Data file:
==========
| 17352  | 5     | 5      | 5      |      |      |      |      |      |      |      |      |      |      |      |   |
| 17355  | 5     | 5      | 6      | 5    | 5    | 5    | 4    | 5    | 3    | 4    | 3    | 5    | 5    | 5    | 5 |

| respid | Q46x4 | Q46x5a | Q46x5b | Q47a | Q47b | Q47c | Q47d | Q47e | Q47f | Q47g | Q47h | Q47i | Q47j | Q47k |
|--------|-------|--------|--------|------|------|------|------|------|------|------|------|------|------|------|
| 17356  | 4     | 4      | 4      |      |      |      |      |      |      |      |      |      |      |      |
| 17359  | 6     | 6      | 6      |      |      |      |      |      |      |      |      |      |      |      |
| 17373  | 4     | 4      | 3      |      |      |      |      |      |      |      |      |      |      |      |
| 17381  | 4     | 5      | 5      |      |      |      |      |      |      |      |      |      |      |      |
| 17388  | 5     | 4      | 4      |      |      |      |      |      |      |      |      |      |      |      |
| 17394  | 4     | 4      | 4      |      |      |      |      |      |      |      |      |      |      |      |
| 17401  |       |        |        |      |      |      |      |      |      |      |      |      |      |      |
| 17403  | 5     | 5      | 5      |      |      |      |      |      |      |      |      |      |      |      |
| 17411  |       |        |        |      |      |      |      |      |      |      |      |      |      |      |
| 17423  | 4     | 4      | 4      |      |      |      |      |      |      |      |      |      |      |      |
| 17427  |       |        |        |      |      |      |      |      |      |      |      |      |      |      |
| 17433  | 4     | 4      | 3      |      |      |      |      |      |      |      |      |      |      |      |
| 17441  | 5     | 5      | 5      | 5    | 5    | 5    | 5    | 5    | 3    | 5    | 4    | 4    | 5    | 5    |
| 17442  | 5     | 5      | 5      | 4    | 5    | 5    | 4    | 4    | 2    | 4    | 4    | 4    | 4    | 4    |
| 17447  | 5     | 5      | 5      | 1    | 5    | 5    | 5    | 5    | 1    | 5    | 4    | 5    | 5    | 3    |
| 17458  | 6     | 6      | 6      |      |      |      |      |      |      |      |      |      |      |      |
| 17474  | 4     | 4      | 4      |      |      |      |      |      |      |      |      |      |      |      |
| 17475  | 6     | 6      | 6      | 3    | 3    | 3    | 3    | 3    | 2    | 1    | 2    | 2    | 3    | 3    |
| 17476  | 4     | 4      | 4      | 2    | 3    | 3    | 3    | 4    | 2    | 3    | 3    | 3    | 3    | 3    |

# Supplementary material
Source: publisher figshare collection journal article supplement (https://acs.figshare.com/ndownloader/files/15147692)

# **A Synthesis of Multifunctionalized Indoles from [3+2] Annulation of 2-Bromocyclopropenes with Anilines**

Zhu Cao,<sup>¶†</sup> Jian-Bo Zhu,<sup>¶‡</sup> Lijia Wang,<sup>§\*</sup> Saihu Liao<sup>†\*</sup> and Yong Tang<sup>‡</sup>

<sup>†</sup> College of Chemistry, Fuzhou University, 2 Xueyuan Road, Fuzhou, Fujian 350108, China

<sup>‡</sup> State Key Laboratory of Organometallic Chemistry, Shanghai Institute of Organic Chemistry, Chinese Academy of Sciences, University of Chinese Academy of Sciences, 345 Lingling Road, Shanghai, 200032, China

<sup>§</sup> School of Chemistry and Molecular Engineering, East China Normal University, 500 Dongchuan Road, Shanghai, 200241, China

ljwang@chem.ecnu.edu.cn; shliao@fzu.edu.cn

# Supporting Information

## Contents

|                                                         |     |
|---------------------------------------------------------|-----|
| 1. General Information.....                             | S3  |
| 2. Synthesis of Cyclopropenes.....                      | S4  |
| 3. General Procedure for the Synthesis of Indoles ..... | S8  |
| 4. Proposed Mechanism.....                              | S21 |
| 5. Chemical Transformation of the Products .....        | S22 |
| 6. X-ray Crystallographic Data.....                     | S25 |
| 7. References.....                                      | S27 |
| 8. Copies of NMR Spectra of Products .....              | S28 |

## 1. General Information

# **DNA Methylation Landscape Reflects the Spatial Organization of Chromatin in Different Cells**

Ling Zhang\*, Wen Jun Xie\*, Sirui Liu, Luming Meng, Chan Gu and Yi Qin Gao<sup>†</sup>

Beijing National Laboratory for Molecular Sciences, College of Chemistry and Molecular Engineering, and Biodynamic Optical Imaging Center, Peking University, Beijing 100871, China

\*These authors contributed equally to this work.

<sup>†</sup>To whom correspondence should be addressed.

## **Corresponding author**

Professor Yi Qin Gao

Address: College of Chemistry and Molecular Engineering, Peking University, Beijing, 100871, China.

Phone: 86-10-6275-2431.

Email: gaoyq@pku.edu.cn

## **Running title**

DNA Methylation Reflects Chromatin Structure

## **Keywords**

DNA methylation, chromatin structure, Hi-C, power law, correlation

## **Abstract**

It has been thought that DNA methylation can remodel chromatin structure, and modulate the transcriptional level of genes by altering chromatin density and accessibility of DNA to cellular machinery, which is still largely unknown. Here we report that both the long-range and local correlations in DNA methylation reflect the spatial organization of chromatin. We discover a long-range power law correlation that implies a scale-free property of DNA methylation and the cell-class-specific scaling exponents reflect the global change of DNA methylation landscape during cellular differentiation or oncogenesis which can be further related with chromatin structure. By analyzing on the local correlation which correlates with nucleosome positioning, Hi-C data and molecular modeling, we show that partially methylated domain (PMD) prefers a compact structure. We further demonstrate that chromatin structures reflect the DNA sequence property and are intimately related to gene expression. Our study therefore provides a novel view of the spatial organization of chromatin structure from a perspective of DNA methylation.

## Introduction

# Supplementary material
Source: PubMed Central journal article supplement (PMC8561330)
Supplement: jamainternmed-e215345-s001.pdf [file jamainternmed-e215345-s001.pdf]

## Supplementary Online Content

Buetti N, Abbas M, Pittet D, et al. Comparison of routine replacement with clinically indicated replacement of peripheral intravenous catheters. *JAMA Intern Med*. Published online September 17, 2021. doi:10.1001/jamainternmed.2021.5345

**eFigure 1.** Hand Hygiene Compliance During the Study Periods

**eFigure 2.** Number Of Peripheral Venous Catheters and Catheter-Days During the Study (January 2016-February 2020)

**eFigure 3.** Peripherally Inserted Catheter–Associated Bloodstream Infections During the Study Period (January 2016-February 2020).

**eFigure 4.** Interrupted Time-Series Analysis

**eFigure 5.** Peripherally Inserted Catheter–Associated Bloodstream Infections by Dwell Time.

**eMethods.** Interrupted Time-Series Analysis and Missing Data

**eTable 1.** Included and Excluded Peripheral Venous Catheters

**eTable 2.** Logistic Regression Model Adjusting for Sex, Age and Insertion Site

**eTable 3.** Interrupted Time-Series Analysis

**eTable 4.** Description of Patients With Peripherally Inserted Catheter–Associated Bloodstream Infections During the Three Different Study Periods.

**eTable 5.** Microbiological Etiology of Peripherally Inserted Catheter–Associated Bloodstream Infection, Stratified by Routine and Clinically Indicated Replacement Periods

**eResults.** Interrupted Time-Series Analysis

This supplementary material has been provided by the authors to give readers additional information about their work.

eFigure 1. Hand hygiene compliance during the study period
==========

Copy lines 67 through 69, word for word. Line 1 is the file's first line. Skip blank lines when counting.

**eFigure 1.** Hand Hygiene Compliance During the Study Periods

**eFigure 2.** Number Of Peripheral Venous Catheters and Catheter-Days During the Study (January 2016-February 2020)

**eFigure 3.** Peripherally Inserted Catheter–Associated Bloodstream Infections During the Study Period (January 2016-February 2020).